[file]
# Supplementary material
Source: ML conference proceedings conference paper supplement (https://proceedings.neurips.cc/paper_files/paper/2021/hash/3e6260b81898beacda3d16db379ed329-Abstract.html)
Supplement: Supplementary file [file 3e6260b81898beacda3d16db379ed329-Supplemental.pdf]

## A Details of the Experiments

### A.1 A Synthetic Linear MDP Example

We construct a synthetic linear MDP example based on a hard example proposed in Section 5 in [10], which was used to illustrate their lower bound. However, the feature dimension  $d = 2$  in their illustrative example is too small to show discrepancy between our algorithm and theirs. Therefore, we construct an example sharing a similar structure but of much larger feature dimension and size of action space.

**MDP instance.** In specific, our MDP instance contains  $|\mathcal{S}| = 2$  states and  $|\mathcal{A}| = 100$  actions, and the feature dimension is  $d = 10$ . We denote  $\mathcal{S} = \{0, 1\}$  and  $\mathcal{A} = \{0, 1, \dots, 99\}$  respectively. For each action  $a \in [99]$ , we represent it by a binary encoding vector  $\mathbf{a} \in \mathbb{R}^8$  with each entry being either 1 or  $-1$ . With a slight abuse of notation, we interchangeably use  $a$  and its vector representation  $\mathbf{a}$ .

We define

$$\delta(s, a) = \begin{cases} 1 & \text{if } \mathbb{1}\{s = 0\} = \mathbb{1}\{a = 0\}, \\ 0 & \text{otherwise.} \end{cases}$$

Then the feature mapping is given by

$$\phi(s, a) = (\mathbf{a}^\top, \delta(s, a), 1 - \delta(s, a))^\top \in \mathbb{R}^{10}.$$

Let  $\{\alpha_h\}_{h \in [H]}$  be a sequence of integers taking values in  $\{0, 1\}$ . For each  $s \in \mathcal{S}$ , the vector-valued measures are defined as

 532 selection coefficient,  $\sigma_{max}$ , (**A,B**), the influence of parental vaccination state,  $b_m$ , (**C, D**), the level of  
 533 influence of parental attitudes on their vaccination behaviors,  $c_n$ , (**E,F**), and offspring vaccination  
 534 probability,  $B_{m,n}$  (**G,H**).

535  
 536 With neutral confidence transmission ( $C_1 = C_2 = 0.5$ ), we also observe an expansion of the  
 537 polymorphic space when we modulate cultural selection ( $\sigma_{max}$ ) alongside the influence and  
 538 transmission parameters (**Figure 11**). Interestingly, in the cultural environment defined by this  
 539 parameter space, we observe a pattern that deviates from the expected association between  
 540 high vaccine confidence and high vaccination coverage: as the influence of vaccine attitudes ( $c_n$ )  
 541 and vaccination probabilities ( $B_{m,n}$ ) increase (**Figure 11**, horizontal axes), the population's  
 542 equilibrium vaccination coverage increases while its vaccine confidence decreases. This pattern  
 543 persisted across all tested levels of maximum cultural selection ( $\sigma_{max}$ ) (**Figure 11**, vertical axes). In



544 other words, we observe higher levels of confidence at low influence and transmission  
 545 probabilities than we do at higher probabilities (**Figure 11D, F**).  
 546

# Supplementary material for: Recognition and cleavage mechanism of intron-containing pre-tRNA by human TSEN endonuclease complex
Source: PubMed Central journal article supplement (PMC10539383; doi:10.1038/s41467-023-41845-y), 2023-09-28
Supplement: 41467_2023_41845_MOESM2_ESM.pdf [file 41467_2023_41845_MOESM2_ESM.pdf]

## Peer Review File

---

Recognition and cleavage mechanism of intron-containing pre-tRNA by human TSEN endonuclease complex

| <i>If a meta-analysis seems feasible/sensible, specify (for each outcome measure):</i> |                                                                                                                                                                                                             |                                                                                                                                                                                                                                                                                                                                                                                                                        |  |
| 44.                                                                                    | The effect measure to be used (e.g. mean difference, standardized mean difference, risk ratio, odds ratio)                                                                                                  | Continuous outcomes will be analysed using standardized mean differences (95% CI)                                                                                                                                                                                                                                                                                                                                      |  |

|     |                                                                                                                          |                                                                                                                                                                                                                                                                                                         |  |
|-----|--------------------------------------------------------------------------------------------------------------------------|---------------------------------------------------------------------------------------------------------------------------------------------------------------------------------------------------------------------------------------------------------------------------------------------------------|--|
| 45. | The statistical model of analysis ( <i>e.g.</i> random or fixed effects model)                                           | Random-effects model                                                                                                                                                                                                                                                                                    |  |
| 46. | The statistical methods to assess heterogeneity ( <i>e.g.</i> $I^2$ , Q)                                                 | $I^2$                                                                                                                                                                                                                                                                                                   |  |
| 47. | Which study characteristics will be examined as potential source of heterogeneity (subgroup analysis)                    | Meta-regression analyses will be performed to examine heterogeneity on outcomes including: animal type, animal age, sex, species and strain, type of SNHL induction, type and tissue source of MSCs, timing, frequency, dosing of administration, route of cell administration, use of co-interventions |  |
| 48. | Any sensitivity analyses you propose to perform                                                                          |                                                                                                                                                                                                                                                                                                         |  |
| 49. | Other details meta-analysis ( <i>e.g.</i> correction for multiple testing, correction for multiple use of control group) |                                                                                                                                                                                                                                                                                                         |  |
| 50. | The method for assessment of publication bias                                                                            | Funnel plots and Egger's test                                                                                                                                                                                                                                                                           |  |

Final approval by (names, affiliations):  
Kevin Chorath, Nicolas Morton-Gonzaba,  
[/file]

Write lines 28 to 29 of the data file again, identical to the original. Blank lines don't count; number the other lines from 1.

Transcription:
# Supplementary material for: Recognition and cleavage mechanism of intron-containing pre-tRNA by human TSEN endonuclease complex
Source: PubMed Central journal article supplement (PMC10539383; doi:10.1038/s41467-023-41845-y), 2023-09-28